I’m sure Jon Taffer would approach things differently if he actually owned the bars. In other words, he wouldn’t walk away after 3-5 days to let the old culture and/or behaviors resurface when pressure situations arise. He would build wave upon wave of capabilities to ensure the business is growing and profitable in the long run. Eventually, these televised situations lead to a business fully defaulting back to the comfort zone of mediocrity or failure. It seems like reversion to the mean applies in many contexts.

In many ways, Bar Rescue is CRM Rescue since the show is all about aligning the business to the realities of the local market’s potential customers and the experiences they are seeking. Any business has to do that; the only difference is that a single retail establishment like a bar needs to cater to the local community; whereas other businesses can define segments on a global basis. You still need to understand your customer’s needs: functional, social and emotional. Markets aren’t being created on this show, share is simply being acquired. Clearly, though, this industry is an exemplar for the importance of customer experience; and we can all relate to it.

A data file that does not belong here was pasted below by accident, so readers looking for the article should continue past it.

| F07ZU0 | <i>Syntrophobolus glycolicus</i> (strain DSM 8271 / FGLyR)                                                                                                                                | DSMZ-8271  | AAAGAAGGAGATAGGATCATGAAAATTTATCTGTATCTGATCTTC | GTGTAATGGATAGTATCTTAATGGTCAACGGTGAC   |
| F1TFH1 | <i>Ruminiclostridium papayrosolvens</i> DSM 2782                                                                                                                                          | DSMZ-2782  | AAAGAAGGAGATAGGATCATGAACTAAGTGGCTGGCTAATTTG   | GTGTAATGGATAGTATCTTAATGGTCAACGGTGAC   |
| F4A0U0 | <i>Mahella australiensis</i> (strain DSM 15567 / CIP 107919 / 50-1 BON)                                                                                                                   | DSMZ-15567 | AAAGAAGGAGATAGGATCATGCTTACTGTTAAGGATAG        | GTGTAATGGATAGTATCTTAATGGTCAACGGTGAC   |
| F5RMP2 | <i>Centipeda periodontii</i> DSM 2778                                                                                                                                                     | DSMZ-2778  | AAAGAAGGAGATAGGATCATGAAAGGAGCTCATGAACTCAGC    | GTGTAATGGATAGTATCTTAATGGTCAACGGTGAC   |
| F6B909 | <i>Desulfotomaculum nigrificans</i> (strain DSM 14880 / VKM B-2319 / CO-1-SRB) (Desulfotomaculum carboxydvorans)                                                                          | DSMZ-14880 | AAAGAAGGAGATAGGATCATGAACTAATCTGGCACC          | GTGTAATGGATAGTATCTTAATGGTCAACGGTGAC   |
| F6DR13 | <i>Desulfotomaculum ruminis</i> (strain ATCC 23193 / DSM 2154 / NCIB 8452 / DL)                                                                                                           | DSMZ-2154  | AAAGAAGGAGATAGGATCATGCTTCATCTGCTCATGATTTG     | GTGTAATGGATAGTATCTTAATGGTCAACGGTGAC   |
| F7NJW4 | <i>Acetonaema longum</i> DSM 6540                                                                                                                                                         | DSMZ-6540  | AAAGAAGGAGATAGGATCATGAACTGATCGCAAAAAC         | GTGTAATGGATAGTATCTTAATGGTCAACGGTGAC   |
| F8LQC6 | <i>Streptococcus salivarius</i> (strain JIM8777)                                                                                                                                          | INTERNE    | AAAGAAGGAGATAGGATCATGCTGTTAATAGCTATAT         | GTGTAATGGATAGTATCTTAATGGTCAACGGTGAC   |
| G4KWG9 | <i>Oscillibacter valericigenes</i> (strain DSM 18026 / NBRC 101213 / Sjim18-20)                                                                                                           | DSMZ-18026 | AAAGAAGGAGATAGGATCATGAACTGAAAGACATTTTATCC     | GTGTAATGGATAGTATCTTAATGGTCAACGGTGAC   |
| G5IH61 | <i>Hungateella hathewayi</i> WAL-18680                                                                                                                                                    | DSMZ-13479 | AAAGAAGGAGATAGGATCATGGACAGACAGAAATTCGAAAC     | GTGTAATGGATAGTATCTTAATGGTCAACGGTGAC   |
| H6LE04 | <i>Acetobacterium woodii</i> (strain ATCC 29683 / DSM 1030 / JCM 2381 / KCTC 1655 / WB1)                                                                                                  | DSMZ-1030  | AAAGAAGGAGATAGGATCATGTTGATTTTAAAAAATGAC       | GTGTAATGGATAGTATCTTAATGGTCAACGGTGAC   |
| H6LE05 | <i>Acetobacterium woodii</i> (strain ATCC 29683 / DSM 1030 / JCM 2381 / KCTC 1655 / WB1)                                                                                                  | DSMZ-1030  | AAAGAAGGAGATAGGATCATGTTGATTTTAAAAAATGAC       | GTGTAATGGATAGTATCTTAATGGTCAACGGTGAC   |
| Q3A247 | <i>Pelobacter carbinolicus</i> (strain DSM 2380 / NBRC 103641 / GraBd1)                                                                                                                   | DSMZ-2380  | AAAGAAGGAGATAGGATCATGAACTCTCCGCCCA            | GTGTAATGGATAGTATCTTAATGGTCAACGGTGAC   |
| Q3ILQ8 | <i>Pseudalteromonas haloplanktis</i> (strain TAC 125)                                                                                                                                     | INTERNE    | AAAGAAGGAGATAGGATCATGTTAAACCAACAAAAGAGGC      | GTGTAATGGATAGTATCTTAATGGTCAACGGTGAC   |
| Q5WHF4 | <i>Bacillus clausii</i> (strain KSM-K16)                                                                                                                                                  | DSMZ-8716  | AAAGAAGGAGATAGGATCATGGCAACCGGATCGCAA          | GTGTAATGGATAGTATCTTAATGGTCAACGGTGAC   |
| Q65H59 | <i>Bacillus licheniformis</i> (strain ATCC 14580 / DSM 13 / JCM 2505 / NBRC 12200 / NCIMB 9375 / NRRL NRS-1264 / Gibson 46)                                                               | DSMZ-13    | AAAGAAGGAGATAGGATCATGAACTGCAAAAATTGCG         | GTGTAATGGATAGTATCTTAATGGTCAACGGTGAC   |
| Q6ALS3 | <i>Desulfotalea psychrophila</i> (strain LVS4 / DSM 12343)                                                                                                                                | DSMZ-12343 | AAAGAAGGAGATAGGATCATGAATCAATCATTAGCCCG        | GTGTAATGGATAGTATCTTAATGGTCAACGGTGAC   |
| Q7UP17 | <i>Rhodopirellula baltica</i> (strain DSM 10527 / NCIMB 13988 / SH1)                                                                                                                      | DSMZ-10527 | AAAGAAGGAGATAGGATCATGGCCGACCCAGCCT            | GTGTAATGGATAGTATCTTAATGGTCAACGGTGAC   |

Bar Rescue spends more of its time talking about maximizing profitable behavior and engagement of the patrons using product placement, bar layout and other factors that motivate people to stay longer, order more, and return again: table stakes. As with many businesses, the magic of understanding markets and segments tends to get overshadowed and/or deemed as magic; so the focus moves to short term manipulations in behavior first, and strategic analysis almost never. I doubt even Jon Taffer could teach his decades of experience in market analysis to a biker-turned-bar-owner in a few days. Even basic operating systems seem to fall apart in many of these rescues once he leaves.

The type of work being done in the corporate world to gain strategic advantage doesn’t always work either. And when it does work, it could only be portrayed in something epic; not a 30-60 minute episode. It would bore most people, and fascinate a few. As a whole, we seem to want quick fixes. But the reality is that CRM does succeed on television because shows like Bar Rescue, Restaurant Impossible and Hotel Impossible have been on for years now. These shows clearly cater not only to people in those industries, something can also be learned by anyone. The shows are successful; the approach to rescuing these business is probably not.

What I would really like to see is how someone like Jon Taffer runs their own properties over time (or how his delegates do). What kind of monitoring is done to understand shifts in the local market and/or new concepts and technology emerge? He is clearly successful; but while boring, we could learn a lot more from those operations than from these highly sensationalized quick-fixes.

Republished with author's permission from original post.